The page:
Q: My friend dumped me. I want another best friend, but I’m still mad—and scared of getting hurt again.
A: When I was in middle school, the popular kids isolated me for a mistake I’d made and then admitted to. This was so hard for many reasons, but the biggest was that they’d been my friends. Also, I’d been honest about my mistake, but others in the group didn’t admit the role they’d played. Yet I was the one everyone turned on.
For the rest of the year, I wasn’t invited to parties and no one wanted to talk to me. I ate lunch with the school counselor so I didn’t have to sit by myself in the cafeteria. I was tortured by thoughts of why my former friends didn’t like me enough to forgive me. My friends were my everything, so when they dropped me, it felt like I had nothing.
After that, it seemed easier to pretend I didn’t need anyone or anything. I thought I would feel better by not feeling, so I put a wall around my heart. And yet, I struggled with this because having friends made me feel good—complete. So when I finally did let someone in, and then they betrayed me or were mean to me, the hurt felt a hundred times worse.
I didn’t grow up practicing Christian Science. But after I learned about it, I really tried to pray about being so hurt by friendships. Even as an adult, I still felt bad about these past relationships. However, once I knew that praying in the present could help with things from the past, I began to work on forgiving those friends and letting go of the hurt.
After my friends dropped me, I thought I would feel better by not feeling, so I put a wall around my heart.
A passage that helped me was something in the Bible that Jesus said: “Do not give what is holy to the dogs; nor cast your pearls before swine, lest they trample them under their feet, and turn and tear you in pieces” (Matthew 7:6, New King James Version).
I’d never really liked this passage because it seemed so violent. Yet it also felt like what I’d experienced: I would give a friend my time and love, and then they’d step all over me. But as I prayed about the spiritual meaning of this passage, as I was learning to do in Christian Science, I had a revelation. I realized that Jesus never mentions hating those who act in a dog-like or pig-like way. He was reminding us to be wise in what we share and to be careful about giving to those who don’t appreciate the good we have to give. But even if we do give our pearls and they get trampled, we can walk away without hate or resentment.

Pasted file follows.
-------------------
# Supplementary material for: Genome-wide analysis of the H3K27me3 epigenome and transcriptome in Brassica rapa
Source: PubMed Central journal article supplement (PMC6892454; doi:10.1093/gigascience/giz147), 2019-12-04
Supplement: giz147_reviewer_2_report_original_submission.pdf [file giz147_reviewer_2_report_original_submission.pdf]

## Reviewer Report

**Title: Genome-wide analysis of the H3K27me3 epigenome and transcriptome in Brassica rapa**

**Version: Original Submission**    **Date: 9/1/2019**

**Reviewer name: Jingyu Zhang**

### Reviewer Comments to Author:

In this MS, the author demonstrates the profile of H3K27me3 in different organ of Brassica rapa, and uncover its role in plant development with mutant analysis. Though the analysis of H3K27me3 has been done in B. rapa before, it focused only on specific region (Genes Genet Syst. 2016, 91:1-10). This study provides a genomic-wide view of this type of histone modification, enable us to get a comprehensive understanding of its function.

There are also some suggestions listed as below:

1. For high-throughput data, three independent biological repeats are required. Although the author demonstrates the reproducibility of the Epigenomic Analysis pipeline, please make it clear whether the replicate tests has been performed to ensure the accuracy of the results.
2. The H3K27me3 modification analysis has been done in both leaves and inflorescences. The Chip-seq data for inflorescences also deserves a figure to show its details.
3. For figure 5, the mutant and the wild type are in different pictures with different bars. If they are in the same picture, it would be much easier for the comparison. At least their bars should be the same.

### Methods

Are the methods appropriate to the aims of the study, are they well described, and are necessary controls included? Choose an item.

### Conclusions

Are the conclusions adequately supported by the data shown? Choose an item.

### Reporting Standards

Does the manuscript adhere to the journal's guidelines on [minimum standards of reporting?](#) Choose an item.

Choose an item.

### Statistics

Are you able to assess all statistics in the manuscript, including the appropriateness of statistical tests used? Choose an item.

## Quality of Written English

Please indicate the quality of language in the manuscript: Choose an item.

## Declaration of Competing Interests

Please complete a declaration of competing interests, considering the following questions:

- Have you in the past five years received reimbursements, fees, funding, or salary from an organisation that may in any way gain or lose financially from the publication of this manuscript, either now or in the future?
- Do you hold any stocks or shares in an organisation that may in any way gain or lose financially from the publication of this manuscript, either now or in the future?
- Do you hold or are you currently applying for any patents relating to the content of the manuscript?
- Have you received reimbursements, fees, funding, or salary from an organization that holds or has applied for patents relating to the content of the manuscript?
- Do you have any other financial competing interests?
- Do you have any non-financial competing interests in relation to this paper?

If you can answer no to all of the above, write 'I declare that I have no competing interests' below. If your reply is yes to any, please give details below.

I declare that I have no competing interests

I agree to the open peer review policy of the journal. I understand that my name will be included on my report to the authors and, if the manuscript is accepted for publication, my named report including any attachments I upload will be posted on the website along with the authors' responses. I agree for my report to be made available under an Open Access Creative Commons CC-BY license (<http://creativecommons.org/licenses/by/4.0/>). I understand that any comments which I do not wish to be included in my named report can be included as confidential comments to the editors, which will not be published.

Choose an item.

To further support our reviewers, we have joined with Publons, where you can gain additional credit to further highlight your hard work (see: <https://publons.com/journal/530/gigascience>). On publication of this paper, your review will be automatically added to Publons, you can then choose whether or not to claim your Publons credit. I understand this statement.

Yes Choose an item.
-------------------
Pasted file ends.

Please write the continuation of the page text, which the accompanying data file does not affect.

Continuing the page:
After praying this way about many relationships from my teen years, I felt more of God’s love for both me and those friends—and the mental replay of those incidents finally stopped.
I don’t have to cut myself off from feeling too much, because God has given me enough love to share and the wisdom to share it in the right way.
Sometimes our hearts do suffer hurts that seem unbearable. But I’ve learned that these moments can actually urge us toward a deeper, more spiritual understanding of what love really is. I’ve also learned that real love comes from God, divine Love. So if I really want to know how to love, then I need Love to be central. I need to let Love direct my thoughts and actions and show me what my relationships should look like. I can do this by listening in prayer for God’s guidance. And I can also let God show me which friendships really are for me, fearlessly moving away from ones that don’t feel productive, healthy, or balanced. Staying close to divine Love means that I don’t have to feel a big loss if led to walk away from an unhealthy relationship, because Love is already there filling that space.
I find that I’m happier when I put God first, instead of worrying about other people’s opinions or trying to make others happy just to get them to like me. And I also find that when I make God a priority, my “pearls,” or my good thoughts and good qualities, are protected, because I’m letting God guide me in sharing them with others.
Now I know that I don’t have to cut myself off from feeling too much, because God has given me enough love to share with everyone and the wisdom to share it in the right way. I feel so free, knowing that each of us can love without walls around our hearts—and that when we do, we can still feel safe.
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